Pity the poor studio executives. They spend hundreds of millions of dollars giving moviegoers what they think they want -- summer blockbusters with big stars, big explosions and out-of-this-world themes -- and who makes all the money? Adam Sandler with another flick filled with childish behavior and flatulence jokes.
Los Angeles Times reporters Steven Zeitchik and Amy Kaufman dissected the phenomenon in a recent story. They found that box-office receipts this summer are 14% higher than last year, but the numbers are being driven to a great degree by small-scale movies, such as "The Conjuring," "Despicable Me 2" and Sandler's "Grown Ups 2," not by the cinematic behemoths, such as "Pacific Rim," "The Lone Ranger," "After Earth" and "White House Down."
Since May, there has practically been a blockbuster a week. "Man of Steel" has done well; apparently film fans never tire of a new iteration of the grand old Superman story, just as they never seem to tire of Batman. "Iron Man 3" has been a big hit too; maybe because the character is reaching the legendary level of the caped crusaders, maybe because Robert Downey, Jr. brings such a quirky, hip sensibility to the role or maybe because it was pretty much the first blockbuster out of the blocks in 2013.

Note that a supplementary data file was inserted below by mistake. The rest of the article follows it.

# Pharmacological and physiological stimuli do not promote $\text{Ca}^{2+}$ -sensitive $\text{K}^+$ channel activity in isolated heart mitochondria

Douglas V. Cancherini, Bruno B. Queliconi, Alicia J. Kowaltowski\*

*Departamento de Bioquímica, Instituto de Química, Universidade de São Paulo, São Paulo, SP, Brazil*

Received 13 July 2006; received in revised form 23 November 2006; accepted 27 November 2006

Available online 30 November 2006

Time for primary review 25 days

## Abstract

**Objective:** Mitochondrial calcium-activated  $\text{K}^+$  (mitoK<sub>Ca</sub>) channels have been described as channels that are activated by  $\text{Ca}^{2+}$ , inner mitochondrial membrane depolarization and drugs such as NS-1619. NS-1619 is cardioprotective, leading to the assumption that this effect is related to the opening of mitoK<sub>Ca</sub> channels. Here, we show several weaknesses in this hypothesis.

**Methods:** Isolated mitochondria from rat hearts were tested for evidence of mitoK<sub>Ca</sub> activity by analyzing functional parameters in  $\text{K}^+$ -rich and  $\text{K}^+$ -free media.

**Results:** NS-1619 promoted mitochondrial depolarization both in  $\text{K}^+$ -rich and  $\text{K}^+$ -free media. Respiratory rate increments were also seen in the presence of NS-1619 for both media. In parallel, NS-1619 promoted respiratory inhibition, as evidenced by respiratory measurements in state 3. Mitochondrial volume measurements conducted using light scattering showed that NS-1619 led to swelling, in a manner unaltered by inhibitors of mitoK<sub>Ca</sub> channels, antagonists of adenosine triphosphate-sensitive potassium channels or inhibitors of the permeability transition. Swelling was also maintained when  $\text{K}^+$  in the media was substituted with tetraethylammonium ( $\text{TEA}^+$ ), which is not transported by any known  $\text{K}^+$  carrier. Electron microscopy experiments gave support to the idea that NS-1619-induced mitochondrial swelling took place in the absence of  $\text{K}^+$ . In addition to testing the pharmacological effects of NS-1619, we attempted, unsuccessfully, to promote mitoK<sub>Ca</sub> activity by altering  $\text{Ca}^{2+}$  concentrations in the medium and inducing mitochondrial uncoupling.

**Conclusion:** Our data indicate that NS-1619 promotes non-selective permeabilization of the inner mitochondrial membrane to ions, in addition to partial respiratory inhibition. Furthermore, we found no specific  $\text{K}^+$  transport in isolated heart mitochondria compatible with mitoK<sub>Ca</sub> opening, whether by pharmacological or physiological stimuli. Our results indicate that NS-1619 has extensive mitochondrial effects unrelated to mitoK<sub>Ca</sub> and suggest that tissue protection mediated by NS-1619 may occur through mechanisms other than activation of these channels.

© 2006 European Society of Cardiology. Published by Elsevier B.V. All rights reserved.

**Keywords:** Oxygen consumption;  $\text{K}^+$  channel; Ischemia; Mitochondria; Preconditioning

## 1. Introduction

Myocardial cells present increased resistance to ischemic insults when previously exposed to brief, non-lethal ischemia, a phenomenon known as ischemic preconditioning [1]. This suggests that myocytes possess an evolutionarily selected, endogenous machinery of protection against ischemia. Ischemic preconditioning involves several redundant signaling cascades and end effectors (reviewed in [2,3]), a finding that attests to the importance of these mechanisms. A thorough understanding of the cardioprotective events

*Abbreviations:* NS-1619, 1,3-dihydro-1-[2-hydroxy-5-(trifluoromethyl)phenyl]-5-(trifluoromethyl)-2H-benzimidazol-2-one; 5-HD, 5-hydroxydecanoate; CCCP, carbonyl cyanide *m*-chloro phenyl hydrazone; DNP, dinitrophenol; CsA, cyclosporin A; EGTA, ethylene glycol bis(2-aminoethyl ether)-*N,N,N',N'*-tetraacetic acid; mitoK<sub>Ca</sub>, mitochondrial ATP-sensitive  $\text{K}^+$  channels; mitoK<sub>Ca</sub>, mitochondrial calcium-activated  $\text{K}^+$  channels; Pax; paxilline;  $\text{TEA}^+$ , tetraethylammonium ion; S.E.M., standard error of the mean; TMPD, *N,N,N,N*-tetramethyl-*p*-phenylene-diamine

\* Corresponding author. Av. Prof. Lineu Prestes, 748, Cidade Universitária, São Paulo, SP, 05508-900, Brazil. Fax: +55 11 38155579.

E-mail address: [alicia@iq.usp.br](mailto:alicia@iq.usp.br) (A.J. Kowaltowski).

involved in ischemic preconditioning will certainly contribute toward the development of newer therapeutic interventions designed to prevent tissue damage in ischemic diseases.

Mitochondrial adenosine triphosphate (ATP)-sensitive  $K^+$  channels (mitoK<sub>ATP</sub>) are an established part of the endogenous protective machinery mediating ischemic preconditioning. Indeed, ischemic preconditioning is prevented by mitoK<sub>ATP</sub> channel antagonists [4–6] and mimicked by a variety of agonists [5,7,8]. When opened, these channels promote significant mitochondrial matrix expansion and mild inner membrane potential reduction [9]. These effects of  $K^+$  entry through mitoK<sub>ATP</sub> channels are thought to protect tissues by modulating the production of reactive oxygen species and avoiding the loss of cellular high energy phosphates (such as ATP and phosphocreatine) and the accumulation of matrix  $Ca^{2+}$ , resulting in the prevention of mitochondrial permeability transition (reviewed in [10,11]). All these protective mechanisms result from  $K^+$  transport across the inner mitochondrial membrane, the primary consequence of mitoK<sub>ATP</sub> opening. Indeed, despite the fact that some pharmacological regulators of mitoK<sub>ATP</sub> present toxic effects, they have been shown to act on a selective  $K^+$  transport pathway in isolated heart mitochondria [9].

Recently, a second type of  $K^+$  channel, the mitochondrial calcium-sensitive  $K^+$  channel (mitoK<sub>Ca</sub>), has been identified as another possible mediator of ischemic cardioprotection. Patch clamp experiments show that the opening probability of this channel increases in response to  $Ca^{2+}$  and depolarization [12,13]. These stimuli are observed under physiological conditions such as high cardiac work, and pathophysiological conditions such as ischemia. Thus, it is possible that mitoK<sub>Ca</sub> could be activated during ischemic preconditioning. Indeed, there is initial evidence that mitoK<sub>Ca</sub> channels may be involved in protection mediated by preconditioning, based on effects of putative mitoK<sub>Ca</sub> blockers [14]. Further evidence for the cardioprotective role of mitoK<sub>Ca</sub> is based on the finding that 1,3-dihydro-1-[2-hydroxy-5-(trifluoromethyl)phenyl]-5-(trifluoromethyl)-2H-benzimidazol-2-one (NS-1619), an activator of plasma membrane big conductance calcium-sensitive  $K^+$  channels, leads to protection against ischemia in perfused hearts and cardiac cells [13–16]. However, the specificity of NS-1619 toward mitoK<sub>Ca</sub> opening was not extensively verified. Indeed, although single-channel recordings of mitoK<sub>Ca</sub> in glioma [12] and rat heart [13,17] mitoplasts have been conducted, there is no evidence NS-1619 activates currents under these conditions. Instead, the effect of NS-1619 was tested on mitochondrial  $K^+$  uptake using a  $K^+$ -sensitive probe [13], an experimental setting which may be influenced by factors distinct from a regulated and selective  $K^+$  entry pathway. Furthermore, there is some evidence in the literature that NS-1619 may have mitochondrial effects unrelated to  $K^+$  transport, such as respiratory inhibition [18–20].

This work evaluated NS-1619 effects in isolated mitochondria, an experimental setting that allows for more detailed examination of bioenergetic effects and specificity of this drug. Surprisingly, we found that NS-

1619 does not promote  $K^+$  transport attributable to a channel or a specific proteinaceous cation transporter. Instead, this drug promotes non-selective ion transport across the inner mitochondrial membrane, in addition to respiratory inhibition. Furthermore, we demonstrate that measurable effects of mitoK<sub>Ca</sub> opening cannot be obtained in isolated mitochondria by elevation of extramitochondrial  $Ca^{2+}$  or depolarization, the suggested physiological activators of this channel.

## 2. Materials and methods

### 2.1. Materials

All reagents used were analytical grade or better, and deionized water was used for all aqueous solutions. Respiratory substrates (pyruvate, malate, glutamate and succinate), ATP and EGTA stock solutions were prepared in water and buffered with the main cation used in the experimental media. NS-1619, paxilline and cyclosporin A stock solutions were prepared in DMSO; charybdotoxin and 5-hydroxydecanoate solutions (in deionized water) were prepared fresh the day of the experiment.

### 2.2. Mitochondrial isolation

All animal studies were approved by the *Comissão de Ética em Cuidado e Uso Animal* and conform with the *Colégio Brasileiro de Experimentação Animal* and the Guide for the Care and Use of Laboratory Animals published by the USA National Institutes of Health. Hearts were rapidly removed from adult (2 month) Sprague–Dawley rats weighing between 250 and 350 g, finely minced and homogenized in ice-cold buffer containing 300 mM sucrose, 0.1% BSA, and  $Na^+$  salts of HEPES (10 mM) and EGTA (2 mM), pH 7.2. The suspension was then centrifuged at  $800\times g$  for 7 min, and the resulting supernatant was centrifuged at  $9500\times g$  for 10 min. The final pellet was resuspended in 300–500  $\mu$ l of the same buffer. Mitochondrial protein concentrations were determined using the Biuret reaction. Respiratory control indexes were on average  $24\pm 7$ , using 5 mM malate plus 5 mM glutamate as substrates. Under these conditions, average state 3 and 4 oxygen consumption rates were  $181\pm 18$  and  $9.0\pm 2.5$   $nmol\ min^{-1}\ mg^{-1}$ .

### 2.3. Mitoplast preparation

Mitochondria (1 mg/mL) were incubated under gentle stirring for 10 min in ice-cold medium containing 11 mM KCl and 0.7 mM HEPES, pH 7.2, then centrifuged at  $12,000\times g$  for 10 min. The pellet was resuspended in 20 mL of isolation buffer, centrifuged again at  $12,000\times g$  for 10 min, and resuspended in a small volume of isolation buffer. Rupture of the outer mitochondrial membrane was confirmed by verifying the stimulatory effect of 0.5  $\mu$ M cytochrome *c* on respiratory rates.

Most of the others are still a long, long way from making their budget back, though "World War Z" may get there, thanks to star Brad Pitt's tireless promotional efforts. All these movies aren't terrible -- "Pacific Rim," in particular, has unexpected depth for an Earth-in-peril epic, thanks to the skill of director Guillermo del Toro -- but a blockbuster used to be a singular event. Now, ticket buyers may be getting too much of a good thing.
When a blockbuster hits the theaters weekend after weekend -- and, especially, when several of them have such similar themes -- it just may be that a fatigue sets in and folks going to the movies lose interest in seeing another special-effects extravaganza. Apparently, there are times all they really want to watch is a familiar group of comedians acting gloriously immature.
Let's hope that doesn't give the studio execs any brilliant ideas about filling the screens next summer with comedies aimed at 14-year-old boys. Oh, wait, that's already been done.